Barry Levinson’s “The Survivor” tells story of man who boxed to survive Auschwitz


Jordan Palmer, Chief Digital Content Officer

More than 80 years after the end of the Holocaust we are once again living in a time of rising antisemitism, and watching genocide happen, this time in Ukraine. These facts make it even more crucial that we continue to remember and pass down the stories of the past, like that of Harry Haft’s, to new generations. Haft’s story is retold in the new film, “The Survivor,” directed by Barry Levinson and will premiere on HBO on April 27th, Yom Hashoah, Holocaust Remembrance Day.

“The Survivor”: Harry Haft

Based on Haft’s incredible true story, the film reunites Levinson with award-winning actor Ben Foster. Foster stars in the lead role as Haft who, after being sent to Auschwitz, survives not only the unspeakable horrors of the camp but the gladiatorial boxing spectacle he is forced to perform with his fellow prisoners for the amusement of his captors. Unbeknownst to those who try to destroy him, Haft’s will to survive is driven by his quest to reunite with the woman he loves.

“The Survivor”: Matti Leshem

“Survivor” is produced by Matti Leshem, founder of New Mandate Films, a film and television production company created to mine the rich depth of Jewish history, literature, and stories from the Bible to the present day.

“Survivor” is his company’s first feature film. Leshem and New Mandate Films are also producing Keeper of the Diary for Fox Searchlight, which tells the story of Otto Frank’s discovery and publication of his daughter Anne’s diary.

Lesham agreed to talk to the St. Louis Jewish Light ahead of Wednesday’s release.

When did you first hear the story of Harry Haft and how did it affect you?

I first read Justine Juel Gillmer’s splendid script about five years ago. Realizing it was based on Alan Haft’s searing biography of his father, Harry, I dove in. It was one of the most compelling Holocaust narratives I had ever read, and I knew I had to make the film. I had coffee with Justine and tried to convince her that I could get it made. Remarkably, she said yes. Justine’s grandmother was a Dane who had participated in smuggling Jews across the Öresund to safety in Sweden, and as the son of a Holocaust survivor we bonded quickly over our shared family histories.

Why did you decide this story needed to be told on film?

While there have been lots of films about the Holocaust, Harry’s story is of a man who not only fought back but put his life on the line in the most brutal way, fighting in death matches over seventy times in the camps – and winning. This story is about the moral cost of his survival, his PTSD, and the thing that drove him to survive, which was love. We’ve never seen anything like that.

Describe, how an idea like this moves to become a major motion picture? 

I wish I had a clear answer. This project was so personal for everyone involved because of the subject matter. It seemed to have a power of its own. A lot of people had to believe that it could become a reality. I think a turning point was when I shared the project with Aaron Gilbert of Bron Studios. Bron is known for backing important and difficult projects, and Aaron recognized the value of Harry’s story. Without him and Bron, this never would have gotten made.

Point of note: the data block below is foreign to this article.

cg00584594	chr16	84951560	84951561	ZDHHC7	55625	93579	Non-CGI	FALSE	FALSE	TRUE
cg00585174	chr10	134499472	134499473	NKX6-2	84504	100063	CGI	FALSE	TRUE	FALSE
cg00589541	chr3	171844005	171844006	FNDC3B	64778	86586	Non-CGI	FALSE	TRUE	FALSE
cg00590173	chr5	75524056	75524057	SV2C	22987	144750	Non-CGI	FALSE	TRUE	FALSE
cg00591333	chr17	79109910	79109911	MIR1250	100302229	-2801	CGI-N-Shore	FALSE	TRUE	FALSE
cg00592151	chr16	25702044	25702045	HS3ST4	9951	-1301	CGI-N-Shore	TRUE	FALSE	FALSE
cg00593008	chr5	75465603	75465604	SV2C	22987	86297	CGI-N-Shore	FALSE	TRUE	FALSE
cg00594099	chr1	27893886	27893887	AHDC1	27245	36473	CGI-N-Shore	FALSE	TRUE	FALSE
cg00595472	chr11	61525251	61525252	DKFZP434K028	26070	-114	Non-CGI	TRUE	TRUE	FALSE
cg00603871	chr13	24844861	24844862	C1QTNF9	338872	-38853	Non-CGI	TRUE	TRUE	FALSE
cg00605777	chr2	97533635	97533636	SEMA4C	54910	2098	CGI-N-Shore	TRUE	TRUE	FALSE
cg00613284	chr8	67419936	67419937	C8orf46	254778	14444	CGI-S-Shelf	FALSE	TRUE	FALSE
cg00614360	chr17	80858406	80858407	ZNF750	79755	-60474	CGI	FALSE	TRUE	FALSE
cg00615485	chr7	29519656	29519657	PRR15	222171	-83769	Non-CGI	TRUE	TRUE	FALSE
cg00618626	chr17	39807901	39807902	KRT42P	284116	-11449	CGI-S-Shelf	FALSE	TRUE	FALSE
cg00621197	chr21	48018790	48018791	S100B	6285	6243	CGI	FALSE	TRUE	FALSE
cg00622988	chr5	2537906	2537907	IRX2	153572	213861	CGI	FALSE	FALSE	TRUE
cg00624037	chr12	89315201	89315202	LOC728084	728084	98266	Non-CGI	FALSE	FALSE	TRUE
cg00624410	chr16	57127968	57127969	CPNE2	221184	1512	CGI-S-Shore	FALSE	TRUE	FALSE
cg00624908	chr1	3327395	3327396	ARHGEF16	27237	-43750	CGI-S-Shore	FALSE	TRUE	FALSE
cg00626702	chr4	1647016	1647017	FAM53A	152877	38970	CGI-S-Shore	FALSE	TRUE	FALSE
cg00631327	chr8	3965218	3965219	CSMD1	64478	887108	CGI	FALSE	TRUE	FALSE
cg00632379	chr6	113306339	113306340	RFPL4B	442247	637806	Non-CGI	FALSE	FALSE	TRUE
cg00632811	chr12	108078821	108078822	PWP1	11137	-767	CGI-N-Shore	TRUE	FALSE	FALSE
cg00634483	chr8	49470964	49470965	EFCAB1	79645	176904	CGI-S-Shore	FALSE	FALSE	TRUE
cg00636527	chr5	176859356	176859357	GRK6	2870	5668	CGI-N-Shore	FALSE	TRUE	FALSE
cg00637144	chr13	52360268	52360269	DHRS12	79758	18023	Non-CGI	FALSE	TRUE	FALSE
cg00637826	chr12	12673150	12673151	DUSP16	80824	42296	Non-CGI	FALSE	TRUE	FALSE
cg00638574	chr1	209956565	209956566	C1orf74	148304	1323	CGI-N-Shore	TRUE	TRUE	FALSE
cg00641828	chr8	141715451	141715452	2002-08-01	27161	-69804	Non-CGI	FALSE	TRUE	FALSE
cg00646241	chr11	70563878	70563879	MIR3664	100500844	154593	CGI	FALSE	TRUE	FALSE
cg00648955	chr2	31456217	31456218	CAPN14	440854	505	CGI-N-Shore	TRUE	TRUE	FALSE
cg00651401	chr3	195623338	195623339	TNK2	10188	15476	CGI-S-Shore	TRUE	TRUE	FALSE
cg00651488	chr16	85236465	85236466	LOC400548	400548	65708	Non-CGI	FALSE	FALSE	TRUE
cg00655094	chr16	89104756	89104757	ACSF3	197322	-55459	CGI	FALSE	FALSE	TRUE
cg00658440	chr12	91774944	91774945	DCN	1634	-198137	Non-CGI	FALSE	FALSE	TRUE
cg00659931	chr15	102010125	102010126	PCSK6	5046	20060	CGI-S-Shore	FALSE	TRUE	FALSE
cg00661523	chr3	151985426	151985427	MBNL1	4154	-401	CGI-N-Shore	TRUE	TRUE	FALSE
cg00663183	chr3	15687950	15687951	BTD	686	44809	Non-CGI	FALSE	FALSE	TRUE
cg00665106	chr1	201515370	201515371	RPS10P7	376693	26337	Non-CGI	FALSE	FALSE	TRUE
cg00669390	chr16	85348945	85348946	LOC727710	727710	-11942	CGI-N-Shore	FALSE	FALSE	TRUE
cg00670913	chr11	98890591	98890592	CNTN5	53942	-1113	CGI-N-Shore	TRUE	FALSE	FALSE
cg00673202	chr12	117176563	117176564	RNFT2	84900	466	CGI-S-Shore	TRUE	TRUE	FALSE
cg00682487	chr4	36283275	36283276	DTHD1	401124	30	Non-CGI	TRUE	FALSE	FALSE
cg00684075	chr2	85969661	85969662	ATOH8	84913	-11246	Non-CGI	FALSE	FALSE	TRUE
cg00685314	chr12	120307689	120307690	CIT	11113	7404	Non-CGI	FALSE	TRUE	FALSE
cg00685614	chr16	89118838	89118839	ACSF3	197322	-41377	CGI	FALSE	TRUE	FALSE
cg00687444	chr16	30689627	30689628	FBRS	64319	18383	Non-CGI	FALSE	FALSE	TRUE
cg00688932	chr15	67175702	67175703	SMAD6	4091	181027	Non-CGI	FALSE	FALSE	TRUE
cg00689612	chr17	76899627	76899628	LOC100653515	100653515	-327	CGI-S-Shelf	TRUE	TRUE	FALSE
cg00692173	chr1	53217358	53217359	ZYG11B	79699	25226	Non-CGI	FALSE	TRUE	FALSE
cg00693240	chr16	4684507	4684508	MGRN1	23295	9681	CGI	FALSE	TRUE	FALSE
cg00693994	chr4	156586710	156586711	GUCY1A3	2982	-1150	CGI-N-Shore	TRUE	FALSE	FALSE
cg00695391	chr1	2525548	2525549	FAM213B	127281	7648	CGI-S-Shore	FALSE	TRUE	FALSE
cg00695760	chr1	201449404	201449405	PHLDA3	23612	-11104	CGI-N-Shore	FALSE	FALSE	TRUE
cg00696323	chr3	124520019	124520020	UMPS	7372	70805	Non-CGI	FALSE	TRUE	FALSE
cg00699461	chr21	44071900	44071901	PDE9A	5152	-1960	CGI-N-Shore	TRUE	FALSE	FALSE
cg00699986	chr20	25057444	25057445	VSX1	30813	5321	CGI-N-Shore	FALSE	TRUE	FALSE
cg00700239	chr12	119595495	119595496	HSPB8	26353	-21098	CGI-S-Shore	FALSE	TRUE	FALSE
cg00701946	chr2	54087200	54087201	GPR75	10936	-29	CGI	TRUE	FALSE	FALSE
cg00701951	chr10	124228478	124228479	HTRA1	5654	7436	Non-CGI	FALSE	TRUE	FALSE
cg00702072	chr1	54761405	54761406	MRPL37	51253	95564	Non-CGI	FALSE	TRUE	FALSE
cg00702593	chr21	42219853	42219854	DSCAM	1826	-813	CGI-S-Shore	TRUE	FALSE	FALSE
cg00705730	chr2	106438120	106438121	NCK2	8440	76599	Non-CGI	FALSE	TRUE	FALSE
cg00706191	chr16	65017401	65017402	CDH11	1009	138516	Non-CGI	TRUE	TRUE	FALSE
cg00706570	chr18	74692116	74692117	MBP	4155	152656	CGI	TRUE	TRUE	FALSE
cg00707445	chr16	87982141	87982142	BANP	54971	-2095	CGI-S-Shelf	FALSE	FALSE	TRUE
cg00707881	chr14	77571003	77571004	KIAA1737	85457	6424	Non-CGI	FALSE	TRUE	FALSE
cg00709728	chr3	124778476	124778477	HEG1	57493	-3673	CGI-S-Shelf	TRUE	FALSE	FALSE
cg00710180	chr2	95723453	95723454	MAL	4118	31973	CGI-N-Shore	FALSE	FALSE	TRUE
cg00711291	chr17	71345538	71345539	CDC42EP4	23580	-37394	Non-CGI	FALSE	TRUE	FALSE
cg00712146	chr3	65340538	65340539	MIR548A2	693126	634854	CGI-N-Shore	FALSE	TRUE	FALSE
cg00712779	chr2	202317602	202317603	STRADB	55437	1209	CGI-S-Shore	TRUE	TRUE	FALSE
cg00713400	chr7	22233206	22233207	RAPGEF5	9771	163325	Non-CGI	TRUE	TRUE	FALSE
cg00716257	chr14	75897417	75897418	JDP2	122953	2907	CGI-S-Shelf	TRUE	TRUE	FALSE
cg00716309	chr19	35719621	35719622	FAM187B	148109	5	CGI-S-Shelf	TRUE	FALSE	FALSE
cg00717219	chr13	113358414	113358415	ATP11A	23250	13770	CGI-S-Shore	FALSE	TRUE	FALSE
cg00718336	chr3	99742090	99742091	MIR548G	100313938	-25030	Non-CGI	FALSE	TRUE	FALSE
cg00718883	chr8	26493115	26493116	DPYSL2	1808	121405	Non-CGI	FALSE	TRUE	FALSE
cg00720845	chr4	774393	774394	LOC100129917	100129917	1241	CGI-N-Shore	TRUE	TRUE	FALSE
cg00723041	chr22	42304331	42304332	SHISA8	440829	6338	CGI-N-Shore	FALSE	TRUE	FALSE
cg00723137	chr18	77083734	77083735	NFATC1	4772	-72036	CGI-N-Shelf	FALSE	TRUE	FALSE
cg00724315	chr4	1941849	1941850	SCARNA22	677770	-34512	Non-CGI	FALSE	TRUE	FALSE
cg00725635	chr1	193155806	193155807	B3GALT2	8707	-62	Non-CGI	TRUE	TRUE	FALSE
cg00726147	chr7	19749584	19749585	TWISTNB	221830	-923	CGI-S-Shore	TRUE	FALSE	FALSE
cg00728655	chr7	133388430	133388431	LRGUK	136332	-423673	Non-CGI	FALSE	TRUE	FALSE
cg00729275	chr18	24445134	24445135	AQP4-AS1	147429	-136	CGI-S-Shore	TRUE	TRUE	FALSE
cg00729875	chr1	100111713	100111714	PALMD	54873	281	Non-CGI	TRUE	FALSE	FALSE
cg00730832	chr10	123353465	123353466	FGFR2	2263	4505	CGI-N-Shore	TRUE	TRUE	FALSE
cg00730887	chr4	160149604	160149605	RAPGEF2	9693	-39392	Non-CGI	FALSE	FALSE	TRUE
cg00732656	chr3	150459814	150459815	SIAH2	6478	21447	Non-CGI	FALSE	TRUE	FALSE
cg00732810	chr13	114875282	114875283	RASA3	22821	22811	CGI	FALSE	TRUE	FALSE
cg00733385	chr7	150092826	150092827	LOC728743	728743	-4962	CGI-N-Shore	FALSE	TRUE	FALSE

How did you get Barry Levinson interested?  

One day I got a call that Barry Levinson had read the script and wanted to have lunch with me. I couldn’t believe it. I have seen every Barry Levinson film ever made and some more than twice. I had been trying to get a director and had met with a few, but no one had really gotten my attention. At lunch, Barry told me a story about his Uncle Simkha who had come to stay with him in Baltimore when he was a kid. At night he would hear Uncle Simkha cry in a language that was unfamiliar to him – it turned out Uncle Simkha was a survivor, but Barry knew very little about him. When I heard that story I knew we were destined to make the film together. I think The Survivor was Barry’s way of answering the question about who his uncle was and understanding how he lived the rest of his life having survived three concentration camps.

What is the most compelling part of the Haft story to you? 

In working with the USC Shoah Foundation on the film we were privy to hours of Harry’s testimony. Seeing Harry tell his story underscored how singularly harrowing his experience had been. I think Harry’s relentless drive to survive against all odds, inspired by love, cannot be underestimated.

What did you learn at the end of the storytelling process that you didnt know when you started?

To have the Holocaust as a subject to think about it in the most profound way; to have the obligation of trying to get this story right and to see it come to light has been an incredible privilege. I had no idea I would feel this way when I started almost five years ago.

What do you want the audience to leave with?

Unfortunately, we live in difficult times.  If we don’t remember the Holocaust, we are vulnerable to the idea that it never happened.  I want the audience to think deeply about what Harry had to do to survive.  Men and women like Harry are still alive today and are amongst us, but unfortunately not for long.

The Survivor: Official Trailer